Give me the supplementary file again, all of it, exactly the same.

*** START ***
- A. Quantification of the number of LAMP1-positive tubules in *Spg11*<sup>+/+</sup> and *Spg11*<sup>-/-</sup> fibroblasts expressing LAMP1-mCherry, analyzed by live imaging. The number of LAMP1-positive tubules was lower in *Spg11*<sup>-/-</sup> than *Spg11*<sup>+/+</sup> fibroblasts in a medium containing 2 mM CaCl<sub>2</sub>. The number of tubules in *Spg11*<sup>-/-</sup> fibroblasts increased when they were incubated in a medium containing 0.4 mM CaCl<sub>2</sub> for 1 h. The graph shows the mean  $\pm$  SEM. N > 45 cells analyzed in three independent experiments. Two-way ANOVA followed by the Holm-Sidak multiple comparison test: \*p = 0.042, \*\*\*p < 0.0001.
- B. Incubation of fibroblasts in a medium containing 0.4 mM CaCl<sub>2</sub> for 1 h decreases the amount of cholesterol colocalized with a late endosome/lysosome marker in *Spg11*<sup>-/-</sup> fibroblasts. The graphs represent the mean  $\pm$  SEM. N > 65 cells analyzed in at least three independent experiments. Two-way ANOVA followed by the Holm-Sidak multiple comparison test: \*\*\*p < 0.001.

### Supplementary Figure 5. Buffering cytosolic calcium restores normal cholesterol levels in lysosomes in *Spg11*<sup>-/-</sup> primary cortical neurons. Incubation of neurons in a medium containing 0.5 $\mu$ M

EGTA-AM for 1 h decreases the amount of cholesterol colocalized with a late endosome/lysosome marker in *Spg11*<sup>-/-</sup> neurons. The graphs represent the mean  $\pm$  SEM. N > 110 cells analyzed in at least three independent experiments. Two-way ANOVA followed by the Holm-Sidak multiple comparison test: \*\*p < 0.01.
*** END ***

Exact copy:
- A. Quantification of the number of LAMP1-positive tubules in *Spg11*<sup>+/+</sup> and *Spg11*<sup>-/-</sup> fibroblasts expressing LAMP1-mCherry, analyzed by live imaging. The number of LAMP1-positive tubules was lower in *Spg11*<sup>-/-</sup> than *Spg11*<sup>+/+</sup> fibroblasts in a medium containing 2 mM CaCl<sub>2</sub>. The number of tubules in *Spg11*<sup>-/-</sup> fibroblasts increased when they were incubated in a medium containing 0.4 mM CaCl<sub>2</sub> for 1 h. The graph shows the mean  $\pm$  SEM. N > 45 cells analyzed in three independent experiments. Two-way ANOVA followed by the Holm-Sidak multiple comparison test: \*p = 0.042, \*\*\*p < 0.0001.
- B. Incubation of fibroblasts in a medium containing 0.4 mM CaCl<sub>2</sub> for 1 h decreases the amount of cholesterol colocalized with a late endosome/lysosome marker in *Spg11*<sup>-/-</sup> fibroblasts. The graphs represent the mean  $\pm$  SEM. N > 65 cells analyzed in at least three independent experiments. Two-way ANOVA followed by the Holm-Sidak multiple comparison test: \*\*\*p < 0.001.

### Supplementary Figure 5. Buffering cytosolic calcium restores normal cholesterol levels in lysosomes in *Spg11*<sup>-/-</sup> primary cortical neurons. Incubation of neurons in a medium containing 0.5 $\mu$ M

EGTA-AM for 1 h decreases the amount of cholesterol colocalized with a late endosome/lysosome marker in *Spg11*<sup>-/-</sup> neurons. The graphs represent the mean  $\pm$  SEM. N > 110 cells analyzed in at least three independent experiments. Two-way ANOVA followed by the Holm-Sidak multiple comparison test: \*\*p < 0.01.